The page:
Johnson's expert, psychologist Dr. Jeffrey Kline, conducted a thorough review of Johnson's long history of treatment for mental disorders, administered various psychological tests to Johnson, and extensively interviewed the defendant. Dr. Kline opined that Johnson suffered from a borderline personality disorder that creates “an almost constant interference” with his relationship with his attorneys. Johnson's illness, according to Dr. Kline, manifests itself in emotional variability and paranoia. Dr. Kline noted that Johnson exhibited distrust of his lawyers and often thought they were conspiring against him. As a result, Dr. Kline believed Johnson “[a]t times ․ may not be able to consider rationally the advice of counsel.” Dr. Kline concluded “Johnson is unable to effectively assist in his own defense and therefore [is] incompetent to proceed in this matter.”
The State's expert, psychiatrist Dr. James Dennert, spent less time in assessing Johnson's competency to stand trial, but reviewed pertinent documents, including Dr. Kline's reports, and interviewed the defendant for several hours. Dr. Dennert opined that Johnson did not suffer from a mental illness that would prevent him from assisting in his own defense. Dr. Dennert's opinion was based to some extent on his conclusion that “a good deal of what [Johnson] told [him] is best interpreted as being self-serving.” Dr. Dennert believed Johnson repeated to him and others what he had read in Dr. Kline's reports and elsewhere “as a means of trying to help his case.” Dr. Dennert concluded Johnson was “perfectly capable of assisting his attorneys effectively.” He noted Johnson may not choose to do so, but his failure to assist his attorneys was a matter of choice.
We also have the benefit of the trial court's observations of the defendant at the competency hearing. In concluding Johnson was competent, the trial court noted Johnson's demeanor in the courtroom was appropriate, and he consulted with one or both of his attorneys at various times during the proceeding. The court also observed in its ruling that there were no professional statements by the defendant's attorneys or other evidence that Johnson's attorneys were unable to communicate with him “regarding his case and any other issues in a rational and logical manner.”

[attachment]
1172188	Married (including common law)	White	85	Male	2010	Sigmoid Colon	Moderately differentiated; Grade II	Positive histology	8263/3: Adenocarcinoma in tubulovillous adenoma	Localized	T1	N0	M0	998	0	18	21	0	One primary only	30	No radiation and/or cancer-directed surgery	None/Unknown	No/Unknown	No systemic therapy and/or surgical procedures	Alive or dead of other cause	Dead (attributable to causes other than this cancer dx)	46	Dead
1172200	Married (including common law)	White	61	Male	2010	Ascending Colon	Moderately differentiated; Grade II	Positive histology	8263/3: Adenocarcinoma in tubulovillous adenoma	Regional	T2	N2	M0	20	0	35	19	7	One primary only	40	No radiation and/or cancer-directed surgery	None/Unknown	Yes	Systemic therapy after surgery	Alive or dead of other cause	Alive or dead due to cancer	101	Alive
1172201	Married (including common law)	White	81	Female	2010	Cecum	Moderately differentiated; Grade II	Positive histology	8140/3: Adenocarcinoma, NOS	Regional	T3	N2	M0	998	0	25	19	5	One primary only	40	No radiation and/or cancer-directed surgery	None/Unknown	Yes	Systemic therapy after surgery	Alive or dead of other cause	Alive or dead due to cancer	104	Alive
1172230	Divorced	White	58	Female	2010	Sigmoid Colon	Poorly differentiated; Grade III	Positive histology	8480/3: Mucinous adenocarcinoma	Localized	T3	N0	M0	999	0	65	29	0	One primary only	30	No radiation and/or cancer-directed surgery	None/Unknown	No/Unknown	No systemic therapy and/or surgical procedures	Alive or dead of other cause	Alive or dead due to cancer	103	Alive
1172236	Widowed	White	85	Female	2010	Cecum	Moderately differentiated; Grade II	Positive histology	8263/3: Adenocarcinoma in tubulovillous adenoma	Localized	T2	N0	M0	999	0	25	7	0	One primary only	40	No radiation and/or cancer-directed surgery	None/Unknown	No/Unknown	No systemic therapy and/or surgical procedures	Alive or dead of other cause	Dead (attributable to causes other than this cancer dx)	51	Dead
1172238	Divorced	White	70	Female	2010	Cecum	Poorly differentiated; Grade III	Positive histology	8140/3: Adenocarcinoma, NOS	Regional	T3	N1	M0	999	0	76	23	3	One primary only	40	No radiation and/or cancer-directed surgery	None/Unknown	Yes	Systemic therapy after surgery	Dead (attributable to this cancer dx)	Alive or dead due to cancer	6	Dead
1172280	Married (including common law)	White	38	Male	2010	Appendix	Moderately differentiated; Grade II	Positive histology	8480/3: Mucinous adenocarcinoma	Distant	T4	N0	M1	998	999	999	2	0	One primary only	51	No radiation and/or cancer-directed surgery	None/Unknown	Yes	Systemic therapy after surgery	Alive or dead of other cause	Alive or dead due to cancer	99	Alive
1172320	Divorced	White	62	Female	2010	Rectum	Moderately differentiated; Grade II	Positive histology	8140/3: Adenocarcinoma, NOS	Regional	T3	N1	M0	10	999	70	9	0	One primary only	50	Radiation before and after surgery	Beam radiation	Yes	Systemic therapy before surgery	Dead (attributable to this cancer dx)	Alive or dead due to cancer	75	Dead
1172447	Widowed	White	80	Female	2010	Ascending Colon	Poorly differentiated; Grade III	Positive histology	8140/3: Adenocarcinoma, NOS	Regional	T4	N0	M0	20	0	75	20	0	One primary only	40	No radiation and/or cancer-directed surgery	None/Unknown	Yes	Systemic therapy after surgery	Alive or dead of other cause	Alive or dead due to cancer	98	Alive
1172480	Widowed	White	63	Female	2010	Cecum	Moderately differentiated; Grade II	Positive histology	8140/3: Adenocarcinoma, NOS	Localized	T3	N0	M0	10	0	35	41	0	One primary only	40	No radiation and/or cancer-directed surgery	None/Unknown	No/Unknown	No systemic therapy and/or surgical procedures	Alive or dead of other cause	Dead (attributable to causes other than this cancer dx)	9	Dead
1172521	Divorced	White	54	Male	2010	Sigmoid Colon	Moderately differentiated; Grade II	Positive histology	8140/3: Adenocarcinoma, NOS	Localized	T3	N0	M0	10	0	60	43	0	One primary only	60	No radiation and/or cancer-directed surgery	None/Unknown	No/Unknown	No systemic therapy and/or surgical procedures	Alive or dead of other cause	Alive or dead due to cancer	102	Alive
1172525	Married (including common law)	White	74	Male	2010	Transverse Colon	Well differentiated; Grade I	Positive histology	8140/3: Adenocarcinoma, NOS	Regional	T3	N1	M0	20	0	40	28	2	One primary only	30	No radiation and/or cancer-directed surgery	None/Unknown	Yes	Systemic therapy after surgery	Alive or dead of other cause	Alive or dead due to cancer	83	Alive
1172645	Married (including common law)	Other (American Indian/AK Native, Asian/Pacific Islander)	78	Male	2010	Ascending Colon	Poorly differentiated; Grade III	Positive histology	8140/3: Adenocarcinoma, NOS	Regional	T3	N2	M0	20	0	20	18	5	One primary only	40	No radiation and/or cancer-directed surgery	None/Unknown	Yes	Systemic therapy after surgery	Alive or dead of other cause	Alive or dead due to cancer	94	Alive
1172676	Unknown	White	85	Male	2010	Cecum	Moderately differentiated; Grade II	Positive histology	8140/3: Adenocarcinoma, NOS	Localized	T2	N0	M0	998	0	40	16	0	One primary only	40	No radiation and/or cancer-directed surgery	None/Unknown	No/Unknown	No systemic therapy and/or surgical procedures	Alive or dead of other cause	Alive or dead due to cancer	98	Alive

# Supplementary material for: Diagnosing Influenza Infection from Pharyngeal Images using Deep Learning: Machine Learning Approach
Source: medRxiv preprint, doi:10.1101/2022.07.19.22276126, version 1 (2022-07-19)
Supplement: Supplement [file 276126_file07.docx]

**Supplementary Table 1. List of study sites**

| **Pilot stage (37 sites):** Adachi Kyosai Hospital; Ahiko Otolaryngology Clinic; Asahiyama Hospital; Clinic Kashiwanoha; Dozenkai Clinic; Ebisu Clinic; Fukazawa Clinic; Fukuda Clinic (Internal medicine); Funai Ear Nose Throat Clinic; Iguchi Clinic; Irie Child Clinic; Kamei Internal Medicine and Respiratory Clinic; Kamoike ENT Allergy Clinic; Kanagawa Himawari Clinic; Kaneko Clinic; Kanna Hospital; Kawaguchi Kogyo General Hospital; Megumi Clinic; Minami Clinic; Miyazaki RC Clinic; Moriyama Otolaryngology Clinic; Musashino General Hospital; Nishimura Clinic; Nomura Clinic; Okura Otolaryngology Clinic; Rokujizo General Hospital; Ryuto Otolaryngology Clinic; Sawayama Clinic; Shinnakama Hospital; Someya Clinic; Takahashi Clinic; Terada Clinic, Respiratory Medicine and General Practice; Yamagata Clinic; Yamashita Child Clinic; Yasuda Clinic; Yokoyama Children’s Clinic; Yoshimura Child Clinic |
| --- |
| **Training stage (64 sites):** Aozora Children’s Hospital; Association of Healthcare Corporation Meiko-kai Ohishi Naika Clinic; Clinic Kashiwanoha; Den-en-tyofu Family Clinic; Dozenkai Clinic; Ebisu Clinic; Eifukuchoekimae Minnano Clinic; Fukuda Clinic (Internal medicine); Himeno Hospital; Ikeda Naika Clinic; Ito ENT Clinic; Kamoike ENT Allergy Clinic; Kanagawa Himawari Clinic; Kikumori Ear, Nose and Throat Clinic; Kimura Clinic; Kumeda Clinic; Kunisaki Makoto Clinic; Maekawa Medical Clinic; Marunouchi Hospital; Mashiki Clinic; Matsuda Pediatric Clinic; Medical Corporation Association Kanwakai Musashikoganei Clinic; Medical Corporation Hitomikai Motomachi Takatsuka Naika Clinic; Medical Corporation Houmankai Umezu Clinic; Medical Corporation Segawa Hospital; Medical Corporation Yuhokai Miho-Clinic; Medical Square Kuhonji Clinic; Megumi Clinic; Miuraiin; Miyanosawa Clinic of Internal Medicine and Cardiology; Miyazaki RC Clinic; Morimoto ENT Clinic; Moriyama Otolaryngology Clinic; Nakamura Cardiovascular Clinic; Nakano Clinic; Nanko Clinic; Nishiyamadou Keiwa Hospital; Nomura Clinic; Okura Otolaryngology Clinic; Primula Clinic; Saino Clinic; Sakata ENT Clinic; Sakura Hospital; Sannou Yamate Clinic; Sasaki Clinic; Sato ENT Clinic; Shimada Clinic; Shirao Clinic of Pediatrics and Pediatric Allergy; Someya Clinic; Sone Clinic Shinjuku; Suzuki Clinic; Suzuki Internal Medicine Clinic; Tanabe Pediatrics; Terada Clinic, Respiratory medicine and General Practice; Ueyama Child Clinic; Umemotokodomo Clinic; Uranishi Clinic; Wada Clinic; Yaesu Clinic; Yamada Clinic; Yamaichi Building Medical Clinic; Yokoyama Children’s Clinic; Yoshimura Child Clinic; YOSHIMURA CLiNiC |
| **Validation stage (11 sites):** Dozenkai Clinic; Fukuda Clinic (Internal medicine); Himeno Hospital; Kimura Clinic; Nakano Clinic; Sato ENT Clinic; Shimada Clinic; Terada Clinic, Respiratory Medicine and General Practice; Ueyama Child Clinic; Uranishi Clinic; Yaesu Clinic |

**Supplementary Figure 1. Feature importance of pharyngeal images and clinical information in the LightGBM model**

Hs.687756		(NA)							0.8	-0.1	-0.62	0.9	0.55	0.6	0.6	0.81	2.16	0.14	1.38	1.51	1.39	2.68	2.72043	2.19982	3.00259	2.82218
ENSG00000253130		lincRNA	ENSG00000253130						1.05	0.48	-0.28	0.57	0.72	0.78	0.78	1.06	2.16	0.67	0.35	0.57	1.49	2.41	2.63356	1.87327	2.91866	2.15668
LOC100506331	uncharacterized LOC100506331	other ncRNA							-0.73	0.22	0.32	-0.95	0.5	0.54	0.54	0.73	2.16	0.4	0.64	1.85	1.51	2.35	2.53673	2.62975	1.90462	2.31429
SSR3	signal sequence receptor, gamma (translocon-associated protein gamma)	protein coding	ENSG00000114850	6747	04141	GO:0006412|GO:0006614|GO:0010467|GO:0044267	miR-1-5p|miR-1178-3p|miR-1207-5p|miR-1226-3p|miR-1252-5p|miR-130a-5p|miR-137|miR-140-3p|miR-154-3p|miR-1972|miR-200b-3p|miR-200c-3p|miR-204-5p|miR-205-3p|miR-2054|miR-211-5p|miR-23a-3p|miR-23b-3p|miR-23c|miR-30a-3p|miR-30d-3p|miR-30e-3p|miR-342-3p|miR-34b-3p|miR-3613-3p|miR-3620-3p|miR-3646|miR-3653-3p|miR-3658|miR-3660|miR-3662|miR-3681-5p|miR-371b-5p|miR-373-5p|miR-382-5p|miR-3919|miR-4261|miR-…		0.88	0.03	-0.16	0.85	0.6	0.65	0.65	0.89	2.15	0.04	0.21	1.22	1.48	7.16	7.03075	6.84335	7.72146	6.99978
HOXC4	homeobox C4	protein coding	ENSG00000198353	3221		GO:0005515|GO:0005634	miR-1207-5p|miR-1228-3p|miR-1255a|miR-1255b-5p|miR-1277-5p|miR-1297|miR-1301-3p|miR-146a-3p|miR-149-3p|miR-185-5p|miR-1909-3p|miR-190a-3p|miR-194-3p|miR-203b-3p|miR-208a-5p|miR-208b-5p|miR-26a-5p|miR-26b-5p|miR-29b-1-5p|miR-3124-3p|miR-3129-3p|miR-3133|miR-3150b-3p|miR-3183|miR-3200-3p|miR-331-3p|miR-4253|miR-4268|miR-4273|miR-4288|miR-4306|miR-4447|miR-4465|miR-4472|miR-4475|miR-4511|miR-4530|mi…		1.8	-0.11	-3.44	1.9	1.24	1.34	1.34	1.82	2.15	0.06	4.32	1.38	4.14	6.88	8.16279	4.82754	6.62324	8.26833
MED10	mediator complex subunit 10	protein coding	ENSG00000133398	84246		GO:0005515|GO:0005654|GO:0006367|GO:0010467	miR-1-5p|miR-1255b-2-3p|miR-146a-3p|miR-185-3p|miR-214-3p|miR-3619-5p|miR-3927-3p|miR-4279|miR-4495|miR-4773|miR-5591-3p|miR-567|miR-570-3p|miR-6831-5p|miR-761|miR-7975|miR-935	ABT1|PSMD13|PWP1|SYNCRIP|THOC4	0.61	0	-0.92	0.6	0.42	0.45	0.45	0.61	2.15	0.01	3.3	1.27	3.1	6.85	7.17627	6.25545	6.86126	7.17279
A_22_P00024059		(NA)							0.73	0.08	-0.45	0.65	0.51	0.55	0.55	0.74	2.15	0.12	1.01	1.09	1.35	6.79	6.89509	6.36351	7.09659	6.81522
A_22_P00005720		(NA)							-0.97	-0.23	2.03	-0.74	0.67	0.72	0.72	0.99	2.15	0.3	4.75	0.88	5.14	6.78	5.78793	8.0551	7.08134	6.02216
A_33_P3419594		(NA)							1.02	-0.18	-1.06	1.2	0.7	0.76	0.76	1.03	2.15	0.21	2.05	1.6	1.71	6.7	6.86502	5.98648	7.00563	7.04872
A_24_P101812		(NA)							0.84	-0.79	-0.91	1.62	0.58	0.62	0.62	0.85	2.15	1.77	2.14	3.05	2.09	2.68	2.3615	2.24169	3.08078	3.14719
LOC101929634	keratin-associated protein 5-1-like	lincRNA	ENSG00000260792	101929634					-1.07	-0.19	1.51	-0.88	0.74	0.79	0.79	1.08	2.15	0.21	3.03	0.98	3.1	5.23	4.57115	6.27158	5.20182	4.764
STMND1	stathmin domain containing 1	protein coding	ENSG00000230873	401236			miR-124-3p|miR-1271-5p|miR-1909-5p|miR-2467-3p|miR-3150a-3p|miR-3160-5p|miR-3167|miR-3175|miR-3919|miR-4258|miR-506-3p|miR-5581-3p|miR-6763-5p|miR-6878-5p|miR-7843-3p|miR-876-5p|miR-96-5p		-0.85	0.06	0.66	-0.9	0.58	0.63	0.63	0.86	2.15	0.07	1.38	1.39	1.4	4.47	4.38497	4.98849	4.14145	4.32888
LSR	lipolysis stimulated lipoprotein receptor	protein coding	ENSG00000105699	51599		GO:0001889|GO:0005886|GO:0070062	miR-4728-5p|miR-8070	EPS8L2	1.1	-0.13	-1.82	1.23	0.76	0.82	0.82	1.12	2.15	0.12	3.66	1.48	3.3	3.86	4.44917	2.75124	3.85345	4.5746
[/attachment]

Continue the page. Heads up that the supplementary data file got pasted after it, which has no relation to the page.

After reviewing the record, we are persuaded by the testimony of Dr. Dennert and the trial court's observations and conclude that Johnson failed to prove by a preponderance of the evidence that he was not competent to stand trial. Accordingly, we affirm the decision of the trial court on this issue.
II. Ineffective-Assistance-of-Counsel Claim.
A. Background Facts and Proceedings. Johnson was charged with first-degree murder in the death of Matthew Stegman. Several individuals participated to some degree in Stegman's murder. Of those involved, all but Alexandra Habeck were charged with first-degree murder. On appeal, Johnson claims the prosecution's decision not to charge Habeck constituted a violation of his right to equal protection under the United States Constitution and the Iowa Constitution. See generally Oyler v. Boles, 368 U.S. 448, 456, 82 S.Ct. 501, 506, 7 L.Ed.2d 446, 453 (1962) (holding selectivity in prosecution violates the Equal Protection Clause when the decision was “deliberately based upon an unjustifiable standard such as race, religion, or other arbitrary classification”). Johnson claims that he was less culpable than Habeck, given that Johnson did not assault or kill the victim and left the scene during the commission of the murder while Habeck actively assisted in the physical assault of the victim and held the shirts of two other defendants to keep blood from getting on their clothes during the murder.
Johnson's trial counsel did not make a selective-prosecution claim in the district court. On appeal, Johnson's appellate counsel suggested in his brief that trial counsel's failure to raise this claim could have resulted from a belief that the county attorney's charging decisions were not yet final or could constitute ineffective assistance of counsel. In light of this uncertainty, appellate counsel asserted the record was not sufficient to determine on direct appeal whether trial counsel rendered ineffective assistance and this claim should be preserved for a postconviction-relief proceeding. The court of appeals refused to preserve the claim on the ground that it was “too general in nature” because the defendant had not specified “which, if any, impermissible classification the prosecutor allegedly based the charging decision on, nor [had the defendant made] any other specific argument with regard to this issue.”
B. Governing Legal Principles. Iowa Code chapter 822 (2007) provides a procedure for persons “convicted of, or sentenced for, a public offense” to assert a claim for postconviction relief. Iowa Code § 822.2(1). This chapter includes a claim/issue preservation provision that states: